Something I recently discovered thanks to an amazing author, Tasha L. Harrison, is that plotting out story ideas and banking them for later very much helps to keep your mind flowing, and figure out if your ideas are actually good enough to be a story.
I’ve been doing a few workshops and researching how to avoid certain things, and make other things stronger in my writing as well, and what I’ve learned over the past month or so, is that: 1. Plotting, even if it’s just getting your premise and hook carved out, is extremely beneficial, and helps the story move along more smoothly, 2. Understanding the difference between a hook and a premise line are essential, and 3. Character development in a series is hard if you don’t do some type of plotting. Oh, and I might add that if you are working on a series, there will be plot holes or inconsistencies if you don’t keep a book journal.
Let’s start with plotting and why it’s important. I know some people are total pantsers and the thought of plotting is terrifying. That’s how I was when I wrote Cane’s Justice earlier this year. Plotting seemed like the worst thing ever, but now that I’ve pretty much finished the second book in the series, I understand that plotting it out made the story flow properly, and helped me to not miss important information from the first novel. (This is where the book journal came in handy. I had notes, descriptions of character traits and places, and other essential information in there so I wouldn’t have plot holes or inconsistencies.)
I also plotted out the skeleton version of Fatal Reaction, which allowed me to get the entire basis of the story written, and my pantser side could go in and filled out the rest of the story, taking it from a skeleton to a full living thing. I think it made the story come together very well.
Now, back to the premise line and the hook. Thanks to a few cool workshops I found, I’ve been able to develop a stronger premise for my books. I think it will help readers understand what it’s about more clearly, and I also believe it will help gain more interest in the series, stand-alones and shorts that I’ve written thus far, and will write in the future.
So, let me define them for you, then I’ll provide an example that may help. First, a hook is a quick, concise sentence with just enough of the key elements to grab the reader’s attention, but don’t forget it may also grab literary agents and publishers as well. (If that’s something you want to do.)
Let’s get a few examples of a hook for you before we continue.
A young, rich white woman helps black maids tell their story in 1960s Mississippi. – The Help by Kathryn Stockett.
A messed up, just-divorced woman finds peace through a spiritual quest that takes her to Italy, India and Indonesia. – Eat, Pray, Love by Elizabeth Gilbert
Now, the premise line. It expands on the hook and allows the reader a more in-depth look into the book without giving away too much of the details. You get more of the who, the what, the when, the where and the why. Here’s an example.
After a painful divorce, the author sets out to devote one year to pleasure, prayer and love. She travels to three distinctly different locales to immerse herself in these pursuits. Can a heartbroken and confused woman purposely set out to find happiness? – Eat, Pray, Love by Elizabeth Gilbert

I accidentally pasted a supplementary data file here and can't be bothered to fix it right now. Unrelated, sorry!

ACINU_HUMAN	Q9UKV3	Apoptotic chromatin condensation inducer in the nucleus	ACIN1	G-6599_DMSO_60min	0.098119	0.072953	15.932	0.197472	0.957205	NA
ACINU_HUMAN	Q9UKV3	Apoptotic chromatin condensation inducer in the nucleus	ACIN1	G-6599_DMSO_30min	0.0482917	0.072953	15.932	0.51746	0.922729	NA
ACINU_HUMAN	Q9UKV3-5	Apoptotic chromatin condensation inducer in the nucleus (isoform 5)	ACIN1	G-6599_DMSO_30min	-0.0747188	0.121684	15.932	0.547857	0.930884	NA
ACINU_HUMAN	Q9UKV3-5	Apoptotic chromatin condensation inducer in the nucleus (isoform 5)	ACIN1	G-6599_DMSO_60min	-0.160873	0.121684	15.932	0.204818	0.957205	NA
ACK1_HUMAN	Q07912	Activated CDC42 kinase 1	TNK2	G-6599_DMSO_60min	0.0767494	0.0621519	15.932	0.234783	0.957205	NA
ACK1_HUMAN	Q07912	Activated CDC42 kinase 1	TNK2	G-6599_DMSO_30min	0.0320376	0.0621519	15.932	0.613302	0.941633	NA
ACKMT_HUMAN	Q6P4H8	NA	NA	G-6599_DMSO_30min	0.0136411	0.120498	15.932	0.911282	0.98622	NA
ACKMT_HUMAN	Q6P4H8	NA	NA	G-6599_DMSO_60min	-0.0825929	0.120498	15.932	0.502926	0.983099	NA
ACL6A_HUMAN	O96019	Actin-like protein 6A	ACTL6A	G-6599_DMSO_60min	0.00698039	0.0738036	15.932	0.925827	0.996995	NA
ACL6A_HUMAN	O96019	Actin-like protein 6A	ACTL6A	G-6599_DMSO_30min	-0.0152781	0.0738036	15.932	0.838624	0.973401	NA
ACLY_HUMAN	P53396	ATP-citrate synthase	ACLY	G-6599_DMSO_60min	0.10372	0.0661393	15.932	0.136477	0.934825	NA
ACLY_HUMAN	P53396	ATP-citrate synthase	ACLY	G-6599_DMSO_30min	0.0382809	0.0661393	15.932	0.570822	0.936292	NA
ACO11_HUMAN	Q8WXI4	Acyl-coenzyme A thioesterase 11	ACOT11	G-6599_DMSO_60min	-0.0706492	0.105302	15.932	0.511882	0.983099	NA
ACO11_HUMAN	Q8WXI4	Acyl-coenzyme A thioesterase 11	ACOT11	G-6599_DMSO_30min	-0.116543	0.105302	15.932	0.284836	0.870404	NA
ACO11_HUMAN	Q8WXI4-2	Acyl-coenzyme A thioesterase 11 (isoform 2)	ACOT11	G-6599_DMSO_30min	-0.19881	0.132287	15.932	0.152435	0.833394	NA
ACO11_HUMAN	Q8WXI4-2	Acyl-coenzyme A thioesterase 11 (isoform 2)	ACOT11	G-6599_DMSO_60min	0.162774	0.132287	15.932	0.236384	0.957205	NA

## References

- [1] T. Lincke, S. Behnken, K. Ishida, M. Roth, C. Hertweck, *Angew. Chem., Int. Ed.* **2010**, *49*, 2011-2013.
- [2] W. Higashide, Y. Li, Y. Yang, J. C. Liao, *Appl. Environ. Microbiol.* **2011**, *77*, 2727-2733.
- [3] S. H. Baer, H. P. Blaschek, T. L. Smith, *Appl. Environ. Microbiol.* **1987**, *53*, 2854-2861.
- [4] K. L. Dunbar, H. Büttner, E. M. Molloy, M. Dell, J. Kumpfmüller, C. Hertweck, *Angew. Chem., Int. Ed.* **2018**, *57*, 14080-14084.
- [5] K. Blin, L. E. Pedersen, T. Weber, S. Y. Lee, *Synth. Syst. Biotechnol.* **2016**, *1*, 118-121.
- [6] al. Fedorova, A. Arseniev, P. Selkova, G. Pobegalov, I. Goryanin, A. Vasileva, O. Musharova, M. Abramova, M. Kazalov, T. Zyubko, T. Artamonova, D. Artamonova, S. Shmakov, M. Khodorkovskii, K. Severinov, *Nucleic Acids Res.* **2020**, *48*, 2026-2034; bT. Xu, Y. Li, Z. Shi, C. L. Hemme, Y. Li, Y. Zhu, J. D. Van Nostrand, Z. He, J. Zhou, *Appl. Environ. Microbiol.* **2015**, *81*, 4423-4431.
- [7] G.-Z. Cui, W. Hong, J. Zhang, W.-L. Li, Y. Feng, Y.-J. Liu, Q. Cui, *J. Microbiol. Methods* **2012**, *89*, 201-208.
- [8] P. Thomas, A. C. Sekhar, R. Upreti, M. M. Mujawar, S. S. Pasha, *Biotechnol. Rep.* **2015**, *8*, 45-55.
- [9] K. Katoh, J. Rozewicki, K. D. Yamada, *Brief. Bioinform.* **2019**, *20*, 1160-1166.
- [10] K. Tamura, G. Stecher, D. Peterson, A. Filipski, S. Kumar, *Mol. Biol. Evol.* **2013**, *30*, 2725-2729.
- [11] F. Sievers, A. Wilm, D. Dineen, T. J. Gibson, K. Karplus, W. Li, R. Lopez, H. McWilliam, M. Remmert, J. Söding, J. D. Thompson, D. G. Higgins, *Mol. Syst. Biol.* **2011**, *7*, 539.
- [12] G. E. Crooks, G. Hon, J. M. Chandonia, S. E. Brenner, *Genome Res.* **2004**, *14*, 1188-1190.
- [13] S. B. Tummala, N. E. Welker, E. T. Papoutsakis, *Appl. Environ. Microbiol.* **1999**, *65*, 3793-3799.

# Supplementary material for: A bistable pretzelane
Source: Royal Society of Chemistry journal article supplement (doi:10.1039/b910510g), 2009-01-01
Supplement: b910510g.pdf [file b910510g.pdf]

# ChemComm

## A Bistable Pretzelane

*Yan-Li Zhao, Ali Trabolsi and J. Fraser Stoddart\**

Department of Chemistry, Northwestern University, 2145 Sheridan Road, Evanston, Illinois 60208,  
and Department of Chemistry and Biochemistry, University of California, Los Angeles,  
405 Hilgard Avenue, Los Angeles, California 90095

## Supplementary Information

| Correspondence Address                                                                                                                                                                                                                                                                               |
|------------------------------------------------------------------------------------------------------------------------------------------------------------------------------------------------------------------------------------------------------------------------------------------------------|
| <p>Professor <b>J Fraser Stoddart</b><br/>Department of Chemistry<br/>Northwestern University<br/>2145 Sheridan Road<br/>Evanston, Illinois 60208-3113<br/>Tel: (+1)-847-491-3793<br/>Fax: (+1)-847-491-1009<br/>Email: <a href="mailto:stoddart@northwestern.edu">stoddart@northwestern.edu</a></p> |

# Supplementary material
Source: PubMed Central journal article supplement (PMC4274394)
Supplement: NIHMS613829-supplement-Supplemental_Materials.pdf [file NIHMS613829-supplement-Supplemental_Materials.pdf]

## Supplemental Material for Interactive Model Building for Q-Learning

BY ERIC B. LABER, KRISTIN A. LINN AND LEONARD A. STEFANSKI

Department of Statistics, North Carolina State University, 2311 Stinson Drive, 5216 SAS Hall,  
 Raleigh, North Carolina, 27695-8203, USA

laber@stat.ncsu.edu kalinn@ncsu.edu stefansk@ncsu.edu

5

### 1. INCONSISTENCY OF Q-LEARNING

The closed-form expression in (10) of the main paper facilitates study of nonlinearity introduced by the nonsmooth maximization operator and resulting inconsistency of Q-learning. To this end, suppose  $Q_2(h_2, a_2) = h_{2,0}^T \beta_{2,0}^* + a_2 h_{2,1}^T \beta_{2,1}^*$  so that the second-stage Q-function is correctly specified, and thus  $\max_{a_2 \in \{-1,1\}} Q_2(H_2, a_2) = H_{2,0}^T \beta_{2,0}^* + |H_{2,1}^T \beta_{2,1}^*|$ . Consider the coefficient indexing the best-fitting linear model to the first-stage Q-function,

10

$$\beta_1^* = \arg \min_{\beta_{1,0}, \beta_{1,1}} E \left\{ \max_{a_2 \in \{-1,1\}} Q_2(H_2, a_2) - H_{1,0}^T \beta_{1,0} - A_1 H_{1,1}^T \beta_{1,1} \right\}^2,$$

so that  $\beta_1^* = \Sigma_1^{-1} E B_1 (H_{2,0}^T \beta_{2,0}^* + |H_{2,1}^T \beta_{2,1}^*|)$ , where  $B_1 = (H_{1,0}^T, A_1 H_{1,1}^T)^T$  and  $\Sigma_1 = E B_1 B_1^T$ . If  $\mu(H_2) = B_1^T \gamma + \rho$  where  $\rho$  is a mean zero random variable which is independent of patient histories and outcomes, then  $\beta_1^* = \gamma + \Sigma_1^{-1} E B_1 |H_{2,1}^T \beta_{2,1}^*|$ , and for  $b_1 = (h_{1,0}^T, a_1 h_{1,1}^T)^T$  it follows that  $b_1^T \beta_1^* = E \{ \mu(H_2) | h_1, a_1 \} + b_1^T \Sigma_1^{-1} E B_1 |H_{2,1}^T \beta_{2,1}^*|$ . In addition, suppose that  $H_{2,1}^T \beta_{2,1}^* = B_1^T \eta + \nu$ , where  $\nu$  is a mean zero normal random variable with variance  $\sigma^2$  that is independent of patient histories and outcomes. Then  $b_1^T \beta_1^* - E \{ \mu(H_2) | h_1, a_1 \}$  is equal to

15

While I’m not fond of the question in the premise, it works for some people. I think the movie deal, and the book sales speak for themselves on that one.
Okay. So, these two things are something that should be done before you even start writing because it’ll be your guide for your book. No matter if you’re a panster or a plotter or somewhere in between, make sure you have these two elements before you start writing. It has made plotting a lot easier for me because I KNOW for sure what my story is about.
I’m sure you’re like, Oh you think I don’t know what my story is about? And you would be right. If a lit agent or a publisher, or even just a curious reader or fellow author, walked up to you and asked what your story was about, you would need to give them the premise.
They don’t want a long, drawn out explanation that gives too much away. They want that short paragraph of detail that makes them crave the entire book. So, trust me on this one, write your premise and hook before you begin chapter 1 and it’ll be smoother sailing.
Now, the last thing I’ll touch upon is the character development. This pretty much applies to every single book you write, but definitely to books in a series. Conflict is key. You want your main characters (MCs) to have some internal and external conflicts they will need to resolve. If you are writing a stand-alone novel, make sure both the internal and external conflicts are resolved by the end of the book. It could be very angsty or it could be something more simple, but everything needs to be resolved by the end of the book.
Now, if you are writing a series, you want to make sure your MCs develop over time. They can’t stay the same person they were in chapter one by the time you get to the last paragraph of your final book in the series. They need to work out their internal conflicts over the course of the novels as well as have different external conflicts resolved in each book of the series.
If you do all of these things, then those books will be A1. Trust me guys. I’ve seen it done and I’m doing it myself. I believe my future books, and the ones I’m working on as I type this, will be so much better and you guys will love the development of the characters, and the internal/external battles they have to face. Also, everything I’ve mentioned above has probably been done tenfold by all of the best-selling authors out there, so it’s proven to work.
So, happy writing and happy reading.